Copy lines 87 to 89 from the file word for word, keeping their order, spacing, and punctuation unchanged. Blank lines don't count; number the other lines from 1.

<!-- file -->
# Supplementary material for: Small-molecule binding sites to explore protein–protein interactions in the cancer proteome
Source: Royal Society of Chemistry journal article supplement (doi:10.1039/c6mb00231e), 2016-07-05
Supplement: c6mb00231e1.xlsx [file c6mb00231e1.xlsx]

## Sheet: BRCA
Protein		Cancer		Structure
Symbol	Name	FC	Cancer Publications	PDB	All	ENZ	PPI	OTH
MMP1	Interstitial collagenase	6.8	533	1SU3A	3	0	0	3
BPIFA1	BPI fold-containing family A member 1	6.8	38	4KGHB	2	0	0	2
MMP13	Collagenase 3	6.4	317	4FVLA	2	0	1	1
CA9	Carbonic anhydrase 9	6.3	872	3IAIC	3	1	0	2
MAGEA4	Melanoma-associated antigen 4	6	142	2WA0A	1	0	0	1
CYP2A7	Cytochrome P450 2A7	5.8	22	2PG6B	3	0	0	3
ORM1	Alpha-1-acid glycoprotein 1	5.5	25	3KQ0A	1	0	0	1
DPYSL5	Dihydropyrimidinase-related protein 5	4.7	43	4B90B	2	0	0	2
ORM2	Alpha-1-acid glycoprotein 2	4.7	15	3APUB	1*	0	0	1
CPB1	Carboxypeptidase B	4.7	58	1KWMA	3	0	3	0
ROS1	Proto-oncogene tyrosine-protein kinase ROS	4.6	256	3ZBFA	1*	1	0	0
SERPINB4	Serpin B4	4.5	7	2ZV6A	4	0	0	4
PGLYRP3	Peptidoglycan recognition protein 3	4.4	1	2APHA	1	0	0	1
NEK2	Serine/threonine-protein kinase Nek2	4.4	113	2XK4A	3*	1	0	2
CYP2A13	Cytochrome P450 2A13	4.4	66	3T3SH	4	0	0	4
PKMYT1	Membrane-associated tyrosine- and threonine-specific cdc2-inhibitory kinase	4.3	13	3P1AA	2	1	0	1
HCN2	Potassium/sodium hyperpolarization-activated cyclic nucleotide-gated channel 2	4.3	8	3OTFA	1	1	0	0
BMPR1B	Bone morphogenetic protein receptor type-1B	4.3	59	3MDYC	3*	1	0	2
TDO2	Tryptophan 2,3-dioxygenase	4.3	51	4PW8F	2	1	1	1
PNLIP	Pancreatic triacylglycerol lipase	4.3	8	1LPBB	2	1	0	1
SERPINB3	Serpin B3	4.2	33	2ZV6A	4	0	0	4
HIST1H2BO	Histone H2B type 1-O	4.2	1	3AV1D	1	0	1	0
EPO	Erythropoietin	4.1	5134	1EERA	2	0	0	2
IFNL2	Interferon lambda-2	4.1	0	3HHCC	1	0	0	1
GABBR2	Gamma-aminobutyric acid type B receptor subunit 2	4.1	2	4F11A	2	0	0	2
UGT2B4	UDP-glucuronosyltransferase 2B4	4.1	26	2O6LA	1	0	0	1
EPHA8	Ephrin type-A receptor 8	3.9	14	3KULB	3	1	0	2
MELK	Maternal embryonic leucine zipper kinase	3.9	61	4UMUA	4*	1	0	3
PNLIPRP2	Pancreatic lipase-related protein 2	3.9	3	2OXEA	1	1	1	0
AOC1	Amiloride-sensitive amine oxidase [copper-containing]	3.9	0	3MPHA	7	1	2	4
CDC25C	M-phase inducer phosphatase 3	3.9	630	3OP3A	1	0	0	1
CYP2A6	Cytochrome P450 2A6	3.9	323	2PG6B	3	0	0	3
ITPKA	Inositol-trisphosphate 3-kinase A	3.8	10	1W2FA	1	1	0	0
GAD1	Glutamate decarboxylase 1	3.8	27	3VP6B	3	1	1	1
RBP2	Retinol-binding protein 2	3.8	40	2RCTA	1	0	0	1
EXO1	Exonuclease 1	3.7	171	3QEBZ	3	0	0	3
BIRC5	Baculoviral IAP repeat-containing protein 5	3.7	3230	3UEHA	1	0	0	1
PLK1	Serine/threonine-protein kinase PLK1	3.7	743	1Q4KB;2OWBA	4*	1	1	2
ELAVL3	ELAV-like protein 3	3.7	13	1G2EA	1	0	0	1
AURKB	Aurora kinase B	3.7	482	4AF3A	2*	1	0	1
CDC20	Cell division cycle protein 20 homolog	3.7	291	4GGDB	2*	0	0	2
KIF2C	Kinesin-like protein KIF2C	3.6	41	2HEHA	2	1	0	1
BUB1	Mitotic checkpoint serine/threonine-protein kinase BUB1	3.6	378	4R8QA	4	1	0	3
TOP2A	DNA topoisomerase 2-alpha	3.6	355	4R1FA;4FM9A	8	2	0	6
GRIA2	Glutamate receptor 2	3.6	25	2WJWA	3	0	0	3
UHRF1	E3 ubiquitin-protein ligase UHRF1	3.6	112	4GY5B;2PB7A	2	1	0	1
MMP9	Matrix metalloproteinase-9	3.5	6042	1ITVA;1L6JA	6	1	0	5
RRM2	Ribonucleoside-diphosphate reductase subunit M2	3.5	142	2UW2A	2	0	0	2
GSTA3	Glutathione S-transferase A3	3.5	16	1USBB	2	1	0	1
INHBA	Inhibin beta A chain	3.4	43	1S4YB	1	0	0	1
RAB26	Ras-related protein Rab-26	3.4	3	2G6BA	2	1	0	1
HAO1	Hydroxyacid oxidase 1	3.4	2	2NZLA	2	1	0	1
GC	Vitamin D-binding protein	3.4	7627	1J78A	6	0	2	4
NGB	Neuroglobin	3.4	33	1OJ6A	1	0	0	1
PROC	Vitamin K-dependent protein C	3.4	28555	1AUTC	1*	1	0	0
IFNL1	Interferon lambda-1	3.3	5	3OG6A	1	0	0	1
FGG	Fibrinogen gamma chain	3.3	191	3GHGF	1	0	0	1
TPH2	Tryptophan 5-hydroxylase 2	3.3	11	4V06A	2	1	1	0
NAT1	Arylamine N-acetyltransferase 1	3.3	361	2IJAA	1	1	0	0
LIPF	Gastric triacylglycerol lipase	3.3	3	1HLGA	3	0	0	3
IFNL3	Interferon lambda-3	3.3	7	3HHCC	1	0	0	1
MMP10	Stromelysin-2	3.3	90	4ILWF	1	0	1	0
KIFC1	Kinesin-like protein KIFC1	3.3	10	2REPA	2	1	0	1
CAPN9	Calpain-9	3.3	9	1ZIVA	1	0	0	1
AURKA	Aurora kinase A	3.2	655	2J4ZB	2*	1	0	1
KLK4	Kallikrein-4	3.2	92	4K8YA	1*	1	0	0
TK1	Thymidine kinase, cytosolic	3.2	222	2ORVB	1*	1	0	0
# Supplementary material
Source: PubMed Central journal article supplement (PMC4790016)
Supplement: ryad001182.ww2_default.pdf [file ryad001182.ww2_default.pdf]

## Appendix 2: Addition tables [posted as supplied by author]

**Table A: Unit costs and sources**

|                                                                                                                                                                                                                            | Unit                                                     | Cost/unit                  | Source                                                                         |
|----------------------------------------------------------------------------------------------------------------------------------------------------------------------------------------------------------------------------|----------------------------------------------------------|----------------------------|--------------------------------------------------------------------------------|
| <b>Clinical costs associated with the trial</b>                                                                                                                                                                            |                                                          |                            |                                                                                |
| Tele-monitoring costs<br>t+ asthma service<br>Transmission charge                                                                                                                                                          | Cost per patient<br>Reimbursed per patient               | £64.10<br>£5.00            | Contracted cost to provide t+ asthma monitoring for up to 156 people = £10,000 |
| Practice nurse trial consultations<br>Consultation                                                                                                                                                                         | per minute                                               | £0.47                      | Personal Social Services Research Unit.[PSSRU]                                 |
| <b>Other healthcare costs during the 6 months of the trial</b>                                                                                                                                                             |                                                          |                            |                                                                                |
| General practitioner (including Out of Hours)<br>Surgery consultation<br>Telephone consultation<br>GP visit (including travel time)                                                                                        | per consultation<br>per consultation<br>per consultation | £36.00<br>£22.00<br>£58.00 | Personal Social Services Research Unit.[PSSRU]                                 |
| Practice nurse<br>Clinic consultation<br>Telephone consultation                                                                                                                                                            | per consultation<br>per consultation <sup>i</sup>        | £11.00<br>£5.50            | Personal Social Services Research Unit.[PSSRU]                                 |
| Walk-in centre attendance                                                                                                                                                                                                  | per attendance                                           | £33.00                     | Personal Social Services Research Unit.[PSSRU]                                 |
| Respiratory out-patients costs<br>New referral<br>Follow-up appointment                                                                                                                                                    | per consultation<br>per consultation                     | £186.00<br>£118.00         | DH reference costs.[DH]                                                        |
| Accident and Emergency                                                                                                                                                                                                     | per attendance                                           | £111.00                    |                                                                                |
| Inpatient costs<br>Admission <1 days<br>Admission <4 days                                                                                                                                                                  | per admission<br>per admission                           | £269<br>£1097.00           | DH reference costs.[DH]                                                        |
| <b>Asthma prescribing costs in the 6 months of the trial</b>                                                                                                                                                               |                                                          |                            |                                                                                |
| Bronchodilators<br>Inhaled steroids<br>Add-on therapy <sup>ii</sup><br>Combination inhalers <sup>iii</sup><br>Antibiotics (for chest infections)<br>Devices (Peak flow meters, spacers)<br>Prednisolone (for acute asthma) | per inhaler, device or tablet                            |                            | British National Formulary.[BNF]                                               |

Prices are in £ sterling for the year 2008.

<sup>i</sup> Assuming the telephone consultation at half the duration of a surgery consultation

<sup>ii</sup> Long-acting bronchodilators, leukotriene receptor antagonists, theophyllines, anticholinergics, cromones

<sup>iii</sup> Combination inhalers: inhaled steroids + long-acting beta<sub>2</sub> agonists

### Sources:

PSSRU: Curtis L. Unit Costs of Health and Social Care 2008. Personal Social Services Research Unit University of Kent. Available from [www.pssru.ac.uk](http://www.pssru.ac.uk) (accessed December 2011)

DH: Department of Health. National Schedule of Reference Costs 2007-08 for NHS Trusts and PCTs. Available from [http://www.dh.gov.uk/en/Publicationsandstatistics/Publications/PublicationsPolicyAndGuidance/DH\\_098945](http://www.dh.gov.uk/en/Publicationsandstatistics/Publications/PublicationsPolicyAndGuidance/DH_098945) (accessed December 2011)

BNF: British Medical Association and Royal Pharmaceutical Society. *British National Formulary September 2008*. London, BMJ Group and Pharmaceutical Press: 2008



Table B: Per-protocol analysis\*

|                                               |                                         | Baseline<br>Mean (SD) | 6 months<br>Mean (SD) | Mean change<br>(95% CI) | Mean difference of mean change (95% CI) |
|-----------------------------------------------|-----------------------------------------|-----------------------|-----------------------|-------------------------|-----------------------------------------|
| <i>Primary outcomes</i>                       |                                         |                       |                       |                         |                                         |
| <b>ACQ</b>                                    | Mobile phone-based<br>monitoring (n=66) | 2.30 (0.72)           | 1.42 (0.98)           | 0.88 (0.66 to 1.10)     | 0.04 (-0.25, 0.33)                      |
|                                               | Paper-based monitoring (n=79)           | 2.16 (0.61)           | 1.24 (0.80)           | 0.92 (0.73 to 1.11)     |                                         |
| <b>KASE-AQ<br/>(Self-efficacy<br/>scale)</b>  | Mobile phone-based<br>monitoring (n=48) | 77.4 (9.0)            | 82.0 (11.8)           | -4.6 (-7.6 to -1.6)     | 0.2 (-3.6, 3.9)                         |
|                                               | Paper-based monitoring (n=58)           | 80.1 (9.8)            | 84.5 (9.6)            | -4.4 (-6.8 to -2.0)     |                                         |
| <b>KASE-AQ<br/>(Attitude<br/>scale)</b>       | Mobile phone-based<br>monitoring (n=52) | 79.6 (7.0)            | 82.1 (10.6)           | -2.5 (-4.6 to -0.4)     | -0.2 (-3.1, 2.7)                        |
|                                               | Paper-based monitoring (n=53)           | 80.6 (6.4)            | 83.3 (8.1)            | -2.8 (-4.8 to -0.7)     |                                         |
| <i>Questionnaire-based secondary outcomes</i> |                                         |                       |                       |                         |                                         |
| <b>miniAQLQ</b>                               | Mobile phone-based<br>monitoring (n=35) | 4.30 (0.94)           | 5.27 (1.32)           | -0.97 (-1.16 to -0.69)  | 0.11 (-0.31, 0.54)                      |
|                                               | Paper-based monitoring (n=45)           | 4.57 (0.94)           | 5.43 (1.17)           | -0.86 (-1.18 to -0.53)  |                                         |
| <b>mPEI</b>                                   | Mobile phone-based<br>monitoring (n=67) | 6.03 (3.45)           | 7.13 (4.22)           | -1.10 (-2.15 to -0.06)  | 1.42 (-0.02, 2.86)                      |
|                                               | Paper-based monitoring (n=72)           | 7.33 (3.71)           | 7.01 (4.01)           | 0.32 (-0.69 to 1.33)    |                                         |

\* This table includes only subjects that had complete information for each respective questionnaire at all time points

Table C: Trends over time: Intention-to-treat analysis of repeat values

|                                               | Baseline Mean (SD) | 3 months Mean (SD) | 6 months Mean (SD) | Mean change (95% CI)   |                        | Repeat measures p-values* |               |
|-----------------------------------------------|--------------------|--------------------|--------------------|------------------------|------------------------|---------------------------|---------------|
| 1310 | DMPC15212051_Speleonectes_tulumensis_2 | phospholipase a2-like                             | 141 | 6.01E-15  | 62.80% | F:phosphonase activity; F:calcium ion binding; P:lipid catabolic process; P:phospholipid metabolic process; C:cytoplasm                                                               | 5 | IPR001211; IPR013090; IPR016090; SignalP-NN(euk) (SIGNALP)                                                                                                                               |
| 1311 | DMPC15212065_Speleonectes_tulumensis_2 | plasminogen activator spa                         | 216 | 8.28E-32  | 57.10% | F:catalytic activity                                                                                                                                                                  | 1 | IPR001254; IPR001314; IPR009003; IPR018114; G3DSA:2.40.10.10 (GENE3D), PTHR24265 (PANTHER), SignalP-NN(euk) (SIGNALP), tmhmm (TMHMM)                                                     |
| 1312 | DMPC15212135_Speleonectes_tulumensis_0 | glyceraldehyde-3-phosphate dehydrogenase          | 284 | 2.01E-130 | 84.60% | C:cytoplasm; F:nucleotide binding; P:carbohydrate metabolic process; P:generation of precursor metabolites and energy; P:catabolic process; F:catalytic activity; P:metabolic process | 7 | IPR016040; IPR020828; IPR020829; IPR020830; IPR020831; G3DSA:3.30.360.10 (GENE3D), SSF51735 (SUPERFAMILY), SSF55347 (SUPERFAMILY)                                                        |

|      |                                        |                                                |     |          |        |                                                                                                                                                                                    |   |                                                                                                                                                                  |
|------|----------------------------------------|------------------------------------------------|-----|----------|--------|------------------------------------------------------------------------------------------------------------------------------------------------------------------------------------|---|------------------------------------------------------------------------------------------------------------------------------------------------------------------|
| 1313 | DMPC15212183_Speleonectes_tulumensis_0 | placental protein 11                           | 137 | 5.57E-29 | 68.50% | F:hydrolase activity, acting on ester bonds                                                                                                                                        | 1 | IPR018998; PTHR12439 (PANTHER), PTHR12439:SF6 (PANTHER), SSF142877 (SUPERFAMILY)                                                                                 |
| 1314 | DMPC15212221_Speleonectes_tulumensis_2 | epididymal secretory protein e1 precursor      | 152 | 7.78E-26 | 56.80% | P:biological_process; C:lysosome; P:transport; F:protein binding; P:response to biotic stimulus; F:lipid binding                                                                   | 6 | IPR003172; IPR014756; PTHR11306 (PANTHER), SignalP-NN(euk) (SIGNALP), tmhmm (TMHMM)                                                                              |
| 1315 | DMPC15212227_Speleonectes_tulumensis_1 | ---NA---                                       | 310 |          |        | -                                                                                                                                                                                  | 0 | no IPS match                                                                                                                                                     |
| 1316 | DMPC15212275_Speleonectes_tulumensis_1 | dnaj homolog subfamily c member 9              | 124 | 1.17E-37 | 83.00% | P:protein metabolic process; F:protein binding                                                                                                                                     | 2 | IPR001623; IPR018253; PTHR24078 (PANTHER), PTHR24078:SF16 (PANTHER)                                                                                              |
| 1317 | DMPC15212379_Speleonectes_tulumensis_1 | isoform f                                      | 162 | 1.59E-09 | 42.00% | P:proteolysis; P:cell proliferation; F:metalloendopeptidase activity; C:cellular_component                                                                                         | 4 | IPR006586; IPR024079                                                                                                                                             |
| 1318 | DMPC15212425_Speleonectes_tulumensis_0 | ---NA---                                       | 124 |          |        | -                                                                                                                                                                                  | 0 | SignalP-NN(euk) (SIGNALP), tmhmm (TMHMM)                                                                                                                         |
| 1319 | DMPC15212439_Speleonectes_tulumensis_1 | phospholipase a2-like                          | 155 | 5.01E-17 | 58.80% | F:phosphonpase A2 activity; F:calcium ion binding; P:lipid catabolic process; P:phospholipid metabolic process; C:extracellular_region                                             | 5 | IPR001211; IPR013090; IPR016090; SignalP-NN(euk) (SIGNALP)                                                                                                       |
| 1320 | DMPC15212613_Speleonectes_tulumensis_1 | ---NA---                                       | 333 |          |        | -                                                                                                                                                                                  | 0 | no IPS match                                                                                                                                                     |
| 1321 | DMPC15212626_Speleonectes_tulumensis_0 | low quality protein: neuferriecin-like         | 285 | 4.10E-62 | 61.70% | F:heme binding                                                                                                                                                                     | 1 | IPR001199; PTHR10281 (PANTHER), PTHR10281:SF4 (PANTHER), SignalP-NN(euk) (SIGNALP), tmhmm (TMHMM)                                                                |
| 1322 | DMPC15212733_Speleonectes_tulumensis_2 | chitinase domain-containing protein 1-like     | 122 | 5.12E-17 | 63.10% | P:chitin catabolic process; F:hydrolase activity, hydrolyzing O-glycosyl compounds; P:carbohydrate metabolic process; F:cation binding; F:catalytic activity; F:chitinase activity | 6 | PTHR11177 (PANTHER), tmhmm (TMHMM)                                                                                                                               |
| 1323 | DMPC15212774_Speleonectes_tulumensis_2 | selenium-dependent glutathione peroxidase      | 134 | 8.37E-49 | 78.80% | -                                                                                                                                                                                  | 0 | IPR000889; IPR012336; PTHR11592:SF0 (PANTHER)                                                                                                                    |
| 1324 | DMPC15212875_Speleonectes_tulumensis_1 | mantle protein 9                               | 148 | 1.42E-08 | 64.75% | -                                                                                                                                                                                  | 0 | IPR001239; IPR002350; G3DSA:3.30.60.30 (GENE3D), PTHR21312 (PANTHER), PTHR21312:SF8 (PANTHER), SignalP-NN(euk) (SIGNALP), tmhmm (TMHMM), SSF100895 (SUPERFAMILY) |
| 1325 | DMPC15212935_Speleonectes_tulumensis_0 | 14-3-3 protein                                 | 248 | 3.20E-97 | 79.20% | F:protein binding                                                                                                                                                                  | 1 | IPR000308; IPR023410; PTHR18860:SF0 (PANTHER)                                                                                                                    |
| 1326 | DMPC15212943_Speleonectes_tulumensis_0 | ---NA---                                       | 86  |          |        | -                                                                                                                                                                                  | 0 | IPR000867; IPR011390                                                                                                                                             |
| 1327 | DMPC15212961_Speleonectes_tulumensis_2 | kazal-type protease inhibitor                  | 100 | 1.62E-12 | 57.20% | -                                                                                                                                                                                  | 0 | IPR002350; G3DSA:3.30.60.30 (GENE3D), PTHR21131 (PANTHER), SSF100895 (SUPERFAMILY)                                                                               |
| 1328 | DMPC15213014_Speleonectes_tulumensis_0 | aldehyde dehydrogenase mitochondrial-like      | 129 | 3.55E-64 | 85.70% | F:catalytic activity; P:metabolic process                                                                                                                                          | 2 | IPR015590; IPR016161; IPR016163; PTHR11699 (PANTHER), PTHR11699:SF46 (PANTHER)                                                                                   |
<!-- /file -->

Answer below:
| Walk-in centre attendance                                                                                                                                                                                                  | per attendance                                           | £33.00                     | Personal Social Services Research Unit.[PSSRU]                                 |
| Respiratory out-patients costs<br>New referral<br>Follow-up appointment                                                                                                                                                    | per consultation<br>per consultation                     | £186.00<br>£118.00         | DH reference costs.[DH]                                                        |
| Accident and Emergency                                                                                                                                                                                                     | per attendance                                           | £111.00                    |                                                                                |